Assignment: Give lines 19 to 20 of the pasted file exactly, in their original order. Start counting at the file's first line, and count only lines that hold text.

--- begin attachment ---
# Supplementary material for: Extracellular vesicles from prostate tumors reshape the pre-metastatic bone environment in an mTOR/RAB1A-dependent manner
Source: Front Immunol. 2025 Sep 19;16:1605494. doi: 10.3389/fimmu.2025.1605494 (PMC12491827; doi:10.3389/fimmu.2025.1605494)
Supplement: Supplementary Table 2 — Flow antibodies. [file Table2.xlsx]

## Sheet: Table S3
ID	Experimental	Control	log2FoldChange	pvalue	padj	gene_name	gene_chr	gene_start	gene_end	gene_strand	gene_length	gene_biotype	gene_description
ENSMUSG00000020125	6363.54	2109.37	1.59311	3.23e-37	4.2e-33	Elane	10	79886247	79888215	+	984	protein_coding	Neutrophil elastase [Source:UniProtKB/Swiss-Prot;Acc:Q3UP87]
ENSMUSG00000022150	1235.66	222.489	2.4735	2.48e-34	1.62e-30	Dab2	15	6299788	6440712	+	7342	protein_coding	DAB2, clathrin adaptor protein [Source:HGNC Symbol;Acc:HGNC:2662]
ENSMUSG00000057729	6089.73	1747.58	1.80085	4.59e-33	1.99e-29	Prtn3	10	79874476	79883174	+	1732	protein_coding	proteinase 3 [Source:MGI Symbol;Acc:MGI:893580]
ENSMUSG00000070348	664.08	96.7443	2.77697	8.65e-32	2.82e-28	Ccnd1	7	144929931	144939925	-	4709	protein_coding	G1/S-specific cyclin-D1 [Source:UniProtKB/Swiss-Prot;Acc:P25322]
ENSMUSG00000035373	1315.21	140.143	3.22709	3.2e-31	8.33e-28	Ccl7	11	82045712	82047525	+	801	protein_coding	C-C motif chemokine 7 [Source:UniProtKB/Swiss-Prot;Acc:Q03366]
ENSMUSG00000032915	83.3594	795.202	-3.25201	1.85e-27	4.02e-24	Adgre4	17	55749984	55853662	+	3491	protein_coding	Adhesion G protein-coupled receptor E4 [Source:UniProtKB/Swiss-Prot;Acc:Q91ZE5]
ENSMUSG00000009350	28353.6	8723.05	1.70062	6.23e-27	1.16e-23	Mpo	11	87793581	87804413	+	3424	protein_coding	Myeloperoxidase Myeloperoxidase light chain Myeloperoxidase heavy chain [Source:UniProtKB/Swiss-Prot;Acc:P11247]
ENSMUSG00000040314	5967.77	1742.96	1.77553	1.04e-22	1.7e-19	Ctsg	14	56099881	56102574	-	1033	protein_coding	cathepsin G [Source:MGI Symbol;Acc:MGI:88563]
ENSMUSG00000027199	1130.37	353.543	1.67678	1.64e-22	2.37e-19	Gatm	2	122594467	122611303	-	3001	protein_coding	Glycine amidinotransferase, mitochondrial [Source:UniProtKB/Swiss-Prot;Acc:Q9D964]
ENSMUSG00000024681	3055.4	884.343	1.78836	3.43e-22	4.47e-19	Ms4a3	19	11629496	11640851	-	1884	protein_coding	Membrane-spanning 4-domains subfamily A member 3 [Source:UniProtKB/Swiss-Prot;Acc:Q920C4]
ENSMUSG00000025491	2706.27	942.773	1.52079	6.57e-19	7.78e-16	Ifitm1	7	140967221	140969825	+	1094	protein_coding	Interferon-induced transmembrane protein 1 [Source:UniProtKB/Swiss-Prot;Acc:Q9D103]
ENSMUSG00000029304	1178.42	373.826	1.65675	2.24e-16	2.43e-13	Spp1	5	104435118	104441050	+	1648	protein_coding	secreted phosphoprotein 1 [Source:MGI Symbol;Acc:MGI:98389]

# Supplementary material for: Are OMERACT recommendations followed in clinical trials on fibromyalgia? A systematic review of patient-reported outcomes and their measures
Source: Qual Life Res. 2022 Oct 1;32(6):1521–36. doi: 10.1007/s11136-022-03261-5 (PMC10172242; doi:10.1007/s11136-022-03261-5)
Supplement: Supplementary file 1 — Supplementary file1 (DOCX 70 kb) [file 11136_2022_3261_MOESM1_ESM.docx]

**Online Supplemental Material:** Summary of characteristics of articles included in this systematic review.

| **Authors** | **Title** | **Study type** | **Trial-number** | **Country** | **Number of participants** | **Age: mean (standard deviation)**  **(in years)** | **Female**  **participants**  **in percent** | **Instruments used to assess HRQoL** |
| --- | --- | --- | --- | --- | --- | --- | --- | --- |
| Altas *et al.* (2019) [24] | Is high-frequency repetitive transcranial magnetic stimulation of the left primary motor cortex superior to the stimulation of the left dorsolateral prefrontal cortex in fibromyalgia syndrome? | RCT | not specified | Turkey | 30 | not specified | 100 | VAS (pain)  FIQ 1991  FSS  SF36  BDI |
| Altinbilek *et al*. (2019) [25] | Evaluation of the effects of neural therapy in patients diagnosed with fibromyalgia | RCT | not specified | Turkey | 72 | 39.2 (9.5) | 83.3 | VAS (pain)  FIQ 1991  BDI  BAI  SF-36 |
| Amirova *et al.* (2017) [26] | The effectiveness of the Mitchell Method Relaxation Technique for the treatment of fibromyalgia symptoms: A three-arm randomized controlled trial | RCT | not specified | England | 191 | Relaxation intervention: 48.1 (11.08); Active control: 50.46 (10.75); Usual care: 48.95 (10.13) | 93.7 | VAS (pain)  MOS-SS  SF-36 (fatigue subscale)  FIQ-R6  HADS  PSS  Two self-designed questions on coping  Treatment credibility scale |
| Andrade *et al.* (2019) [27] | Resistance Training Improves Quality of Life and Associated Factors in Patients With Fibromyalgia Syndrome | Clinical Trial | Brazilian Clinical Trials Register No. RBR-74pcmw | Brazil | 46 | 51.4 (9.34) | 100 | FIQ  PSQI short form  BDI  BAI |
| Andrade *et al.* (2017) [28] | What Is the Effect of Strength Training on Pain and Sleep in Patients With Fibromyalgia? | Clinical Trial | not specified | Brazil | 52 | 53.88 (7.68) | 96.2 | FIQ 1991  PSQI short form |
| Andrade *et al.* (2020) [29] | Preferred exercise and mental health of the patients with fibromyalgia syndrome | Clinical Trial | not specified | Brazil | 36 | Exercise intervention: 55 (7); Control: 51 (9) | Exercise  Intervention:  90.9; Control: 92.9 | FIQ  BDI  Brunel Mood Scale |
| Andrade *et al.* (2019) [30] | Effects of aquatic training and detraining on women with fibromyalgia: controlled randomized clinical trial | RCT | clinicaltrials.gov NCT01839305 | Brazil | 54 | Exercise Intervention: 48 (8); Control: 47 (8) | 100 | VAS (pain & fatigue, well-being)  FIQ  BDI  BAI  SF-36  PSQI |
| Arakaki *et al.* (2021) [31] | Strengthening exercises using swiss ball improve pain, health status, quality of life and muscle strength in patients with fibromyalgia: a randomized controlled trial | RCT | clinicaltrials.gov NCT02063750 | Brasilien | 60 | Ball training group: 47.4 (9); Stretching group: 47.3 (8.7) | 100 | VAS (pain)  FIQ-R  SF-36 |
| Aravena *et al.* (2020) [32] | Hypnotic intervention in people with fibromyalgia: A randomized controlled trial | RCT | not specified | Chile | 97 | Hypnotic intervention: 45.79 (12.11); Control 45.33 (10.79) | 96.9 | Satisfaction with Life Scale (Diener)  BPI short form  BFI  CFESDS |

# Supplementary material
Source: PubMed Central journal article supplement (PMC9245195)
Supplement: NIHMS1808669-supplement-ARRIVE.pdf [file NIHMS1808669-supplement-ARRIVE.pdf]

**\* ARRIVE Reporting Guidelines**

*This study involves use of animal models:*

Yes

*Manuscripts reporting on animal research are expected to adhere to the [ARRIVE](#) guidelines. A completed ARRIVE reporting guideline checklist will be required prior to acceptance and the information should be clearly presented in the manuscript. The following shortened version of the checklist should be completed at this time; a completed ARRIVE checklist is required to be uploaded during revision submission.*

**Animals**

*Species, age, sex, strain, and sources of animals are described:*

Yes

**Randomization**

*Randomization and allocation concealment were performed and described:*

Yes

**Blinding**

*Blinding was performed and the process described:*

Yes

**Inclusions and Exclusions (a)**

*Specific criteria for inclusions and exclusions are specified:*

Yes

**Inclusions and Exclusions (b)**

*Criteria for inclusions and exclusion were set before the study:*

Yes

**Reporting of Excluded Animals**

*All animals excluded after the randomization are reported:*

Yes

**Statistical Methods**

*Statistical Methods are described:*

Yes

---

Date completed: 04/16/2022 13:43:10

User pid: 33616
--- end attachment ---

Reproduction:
Source: Qual Life Res. 2022 Oct 1;32(6):1521–36. doi: 10.1007/s11136-022-03261-5 (PMC10172242; doi:10.1007/s11136-022-03261-5)
Supplement: Supplementary file 1 — Supplementary file1 (DOCX 70 kb) [file 11136_2022_3261_MOESM1_ESM.docx]